Grimm v. Gloucester Cty. Sch. Bd., 972 F.3d 586, 610 (4th Cir. 2020), as amended (Aug. 28, 2020), cert. denied, 141 S. Ct. 2878 (2021).
 Opposition to Defendants’ Motion to Dismiss at 17, Brandt v. Rutledge, 551 F. Supp. 3d 882 (E.D. Ark. July 16, 2021) (No. 4:21-cv-00450-JM).
 Defendants’ Combined Brief in Opposition to Plaintiffs’ Motion for Preliminary Injunction; and Reply in Support of Defendants’ Motion to Dismiss at 4-7, Brandt v. Rutledge, 551 F. Supp. 3d 882 (E.D. Ark. July 9, 2021) (No. 4:21-cv-00450-JM).
 Reply Memorandum in Support of Plaintiffs’ Motion for Preliminary Injunction at 39, Brandt v. Rutledge, 551 F. Supp. 3d 882 (E.D. Ark. June 30, 2021) (No. 4:21-cv-00450-JM). But see, Jessica A. Clarke, Against Immutability, 125 Yale L.J. 1, 32-33 (2015) (illustrating objections to this type of immutability, including that it “masks questionable moral judgments about the blameworthiness of traits” and “reinforces stereotypes about the identities it protects.” Id.); Silver Flight, Comment, Gender: The Issue of Immutability, Univ. Cin. L. Rev., Nov. 12, 2021, https://uclawreview.org/2021/11/12/gender-the-issue-of-immutability/ (arguing that transgender equality should not depend on the mutability or immutability of gender and that immutability is not a requirement for suspect class categorization).
 Reply Memorandum in Support of Plaintiffs’ Motion for Preliminary Injunction at 41, Brandt v. Rutledge, 551 F. Supp. 3d 882 (E.D. Ark. June 30, 2021) (No. 4:21-cv-00450-JM) (quoting Windsor v. U.S., 699 F.3d 169, 185 (2d Cir. 2012), aff’d sub nom. United States v. Windsor, 570 U.S. 744, 770 (2013)).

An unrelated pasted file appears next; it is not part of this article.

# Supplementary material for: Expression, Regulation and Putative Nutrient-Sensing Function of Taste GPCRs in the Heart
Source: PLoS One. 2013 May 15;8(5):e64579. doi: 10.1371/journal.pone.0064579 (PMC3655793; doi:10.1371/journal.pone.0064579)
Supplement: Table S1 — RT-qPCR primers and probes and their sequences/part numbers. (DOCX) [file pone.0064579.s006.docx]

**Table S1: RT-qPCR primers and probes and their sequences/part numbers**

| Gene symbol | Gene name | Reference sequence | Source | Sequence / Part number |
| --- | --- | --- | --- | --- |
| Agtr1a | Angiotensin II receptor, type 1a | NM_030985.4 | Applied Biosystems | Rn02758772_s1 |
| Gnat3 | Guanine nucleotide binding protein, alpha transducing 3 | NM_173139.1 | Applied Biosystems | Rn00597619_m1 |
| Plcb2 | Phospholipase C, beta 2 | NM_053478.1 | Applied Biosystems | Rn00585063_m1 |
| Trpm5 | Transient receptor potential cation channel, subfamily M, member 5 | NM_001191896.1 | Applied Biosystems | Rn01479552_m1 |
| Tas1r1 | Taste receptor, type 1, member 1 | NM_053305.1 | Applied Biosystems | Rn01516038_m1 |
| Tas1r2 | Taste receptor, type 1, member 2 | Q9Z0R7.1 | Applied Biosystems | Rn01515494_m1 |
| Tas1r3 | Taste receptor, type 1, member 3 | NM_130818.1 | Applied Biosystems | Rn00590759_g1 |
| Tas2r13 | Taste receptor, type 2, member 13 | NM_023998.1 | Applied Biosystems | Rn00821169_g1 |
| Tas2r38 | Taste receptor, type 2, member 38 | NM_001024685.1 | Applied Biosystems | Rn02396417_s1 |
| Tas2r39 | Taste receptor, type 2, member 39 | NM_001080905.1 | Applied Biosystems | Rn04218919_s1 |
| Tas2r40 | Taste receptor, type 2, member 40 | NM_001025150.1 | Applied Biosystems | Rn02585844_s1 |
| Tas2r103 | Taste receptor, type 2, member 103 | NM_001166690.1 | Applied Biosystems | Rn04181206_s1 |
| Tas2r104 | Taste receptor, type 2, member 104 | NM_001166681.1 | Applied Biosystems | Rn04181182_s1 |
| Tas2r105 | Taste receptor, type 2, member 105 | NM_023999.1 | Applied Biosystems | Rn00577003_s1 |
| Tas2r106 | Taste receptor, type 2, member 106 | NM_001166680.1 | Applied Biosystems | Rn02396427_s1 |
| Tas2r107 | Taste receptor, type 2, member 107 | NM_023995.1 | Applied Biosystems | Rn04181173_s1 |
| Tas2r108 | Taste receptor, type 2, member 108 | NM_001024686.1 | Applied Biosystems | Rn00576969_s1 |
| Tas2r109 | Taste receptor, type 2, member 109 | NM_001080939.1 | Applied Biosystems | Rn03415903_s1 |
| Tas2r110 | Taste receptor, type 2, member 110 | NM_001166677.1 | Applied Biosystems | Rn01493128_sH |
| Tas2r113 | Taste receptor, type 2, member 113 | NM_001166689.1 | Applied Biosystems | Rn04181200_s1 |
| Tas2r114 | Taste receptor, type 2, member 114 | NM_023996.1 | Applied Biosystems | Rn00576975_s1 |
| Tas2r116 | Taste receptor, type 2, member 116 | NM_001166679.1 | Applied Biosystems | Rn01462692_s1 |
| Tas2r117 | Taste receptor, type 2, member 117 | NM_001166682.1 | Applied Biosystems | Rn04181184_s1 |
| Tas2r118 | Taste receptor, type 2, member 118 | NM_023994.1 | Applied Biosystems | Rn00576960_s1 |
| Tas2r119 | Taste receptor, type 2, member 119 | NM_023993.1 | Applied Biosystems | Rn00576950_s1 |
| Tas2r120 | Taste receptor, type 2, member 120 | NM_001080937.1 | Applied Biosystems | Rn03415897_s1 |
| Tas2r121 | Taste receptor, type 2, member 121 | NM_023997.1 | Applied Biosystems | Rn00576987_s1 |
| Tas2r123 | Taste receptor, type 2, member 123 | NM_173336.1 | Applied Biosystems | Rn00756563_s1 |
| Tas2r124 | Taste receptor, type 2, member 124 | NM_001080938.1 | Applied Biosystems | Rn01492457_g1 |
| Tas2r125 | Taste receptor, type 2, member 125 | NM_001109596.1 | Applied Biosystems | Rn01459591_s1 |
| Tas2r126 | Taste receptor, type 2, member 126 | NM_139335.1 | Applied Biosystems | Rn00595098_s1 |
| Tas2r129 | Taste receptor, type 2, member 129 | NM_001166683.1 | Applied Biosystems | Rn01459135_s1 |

Brandt v. Rutledge, 551 F. Supp. 3d 882, 889 (E.D. Ark. 2021).
 Id. at 891.
 U.S. Const. amend. XIV, § 1. “No State shall . . . deprive any person of life, liberty, or property, without due process of law.”
 Complaint for Declaratory and Injunctive Relief at 4, Brandt v. Rutledge, 551 F. Supp. 3d 882 (E.D. Ark. May 25, 2021) (No. 4:21-cv-00450-JM).
 Opposition to Defendants’ Motion to Dismiss at 34, Brandt v. Rutledge, 551 F. Supp. 3d 882 (E.D. Ark. June 30, 2021) (No. 4:21-cv-00450-JM) (quoting Troxel v. Granville, 530 U.S. 57, 66 (2000)).
 Brief in Support of Motion to Dismiss at 33, Brandt v. Rutledge, 551 F. Supp. 3d 882 (E.D. Ark. June 16, 2021) (No. 4:21-cv-00450-JM).
 Brandt v. Rutledge, 551 F. Supp. 3d 882, 892 (E.D. Ark. 2021).
 Id. at 893. “Cisgender” refers to someone whose gender identity matches their sex assigned at birth.
 Complaint for Declaratory and Injunctive Relief at 44-45, Brandt v. Rutledge, 551 F. Supp. 3d 882 (E.D. Ark. May 25, 2021) (No. 4:21-cv-00450-JM).
 Brandt v. Rutledge, 551 F. Supp. 3d 882, 893 (E.D. Ark. 2021) (quoting Sorrell v. IMS Health Inc., 564 U.S. 552, 570 (2011)).